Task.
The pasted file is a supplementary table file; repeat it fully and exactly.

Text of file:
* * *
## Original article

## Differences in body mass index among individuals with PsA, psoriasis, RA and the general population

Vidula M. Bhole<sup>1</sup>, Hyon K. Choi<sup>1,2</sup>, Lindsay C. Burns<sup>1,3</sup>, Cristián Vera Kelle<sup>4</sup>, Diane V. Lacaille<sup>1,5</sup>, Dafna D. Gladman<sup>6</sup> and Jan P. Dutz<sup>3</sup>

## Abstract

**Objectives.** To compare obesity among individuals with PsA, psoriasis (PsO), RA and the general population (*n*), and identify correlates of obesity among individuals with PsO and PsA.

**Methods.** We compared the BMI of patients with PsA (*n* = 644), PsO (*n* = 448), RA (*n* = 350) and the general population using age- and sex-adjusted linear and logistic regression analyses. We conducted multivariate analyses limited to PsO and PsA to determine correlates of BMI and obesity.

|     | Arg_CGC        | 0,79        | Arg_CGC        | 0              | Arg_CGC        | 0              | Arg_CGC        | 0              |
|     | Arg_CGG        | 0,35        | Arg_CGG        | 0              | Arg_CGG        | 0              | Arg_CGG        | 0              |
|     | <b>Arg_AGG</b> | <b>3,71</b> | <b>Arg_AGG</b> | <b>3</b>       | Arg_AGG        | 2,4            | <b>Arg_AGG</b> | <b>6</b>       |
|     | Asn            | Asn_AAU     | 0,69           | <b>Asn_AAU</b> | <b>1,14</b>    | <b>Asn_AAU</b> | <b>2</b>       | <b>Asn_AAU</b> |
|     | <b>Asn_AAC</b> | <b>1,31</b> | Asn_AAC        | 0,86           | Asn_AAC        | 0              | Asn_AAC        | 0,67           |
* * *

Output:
## Original article

## Differences in body mass index among individuals with PsA, psoriasis, RA and the general population

Vidula M. Bhole<sup>1</sup>, Hyon K. Choi<sup>1,2</sup>, Lindsay C. Burns<sup>1,3</sup>, Cristián Vera Kelle<sup>4</sup>, Diane V. Lacaille<sup>1,5</sup>, Dafna D. Gladman<sup>6</sup> and Jan P. Dutz<sup>3</sup>

## Abstract

**Objectives.** To compare obesity among individuals with PsA, psoriasis (PsO), RA and the general population (*n*), and identify correlates of obesity among individuals with PsO and PsA.

**Methods.** We compared the BMI of patients with PsA (*n* = 644), PsO (*n* = 448), RA (*n* = 350) and the general population using age- and sex-adjusted linear and logistic regression analyses. We conducted multivariate analyses limited to PsO and PsA to determine correlates of BMI and obesity.

|     | Arg_CGC        | 0,79        | Arg_CGC        | 0              | Arg_CGC        | 0              | Arg_CGC        | 0              |
|     | Arg_CGG        | 0,35        | Arg_CGG        | 0              | Arg_CGG        | 0              | Arg_CGG        | 0              |
|     | <b>Arg_AGG</b> | <b>3,71</b> | <b>Arg_AGG</b> | <b>3</b>       | Arg_AGG        | 2,4            | <b>Arg_AGG</b> | <b>6</b>       |
|     | Asn            | Asn_AAU     | 0,69           | <b>Asn_AAU</b> | <b>1,14</b>    | <b>Asn_AAU</b> | <b>2</b>       | <b>Asn_AAU</b> |
|     | <b>Asn_AAC</b> | <b>1,31</b> | Asn_AAC        | 0,86           | Asn_AAC        | 0              | Asn_AAC        | 0,67           |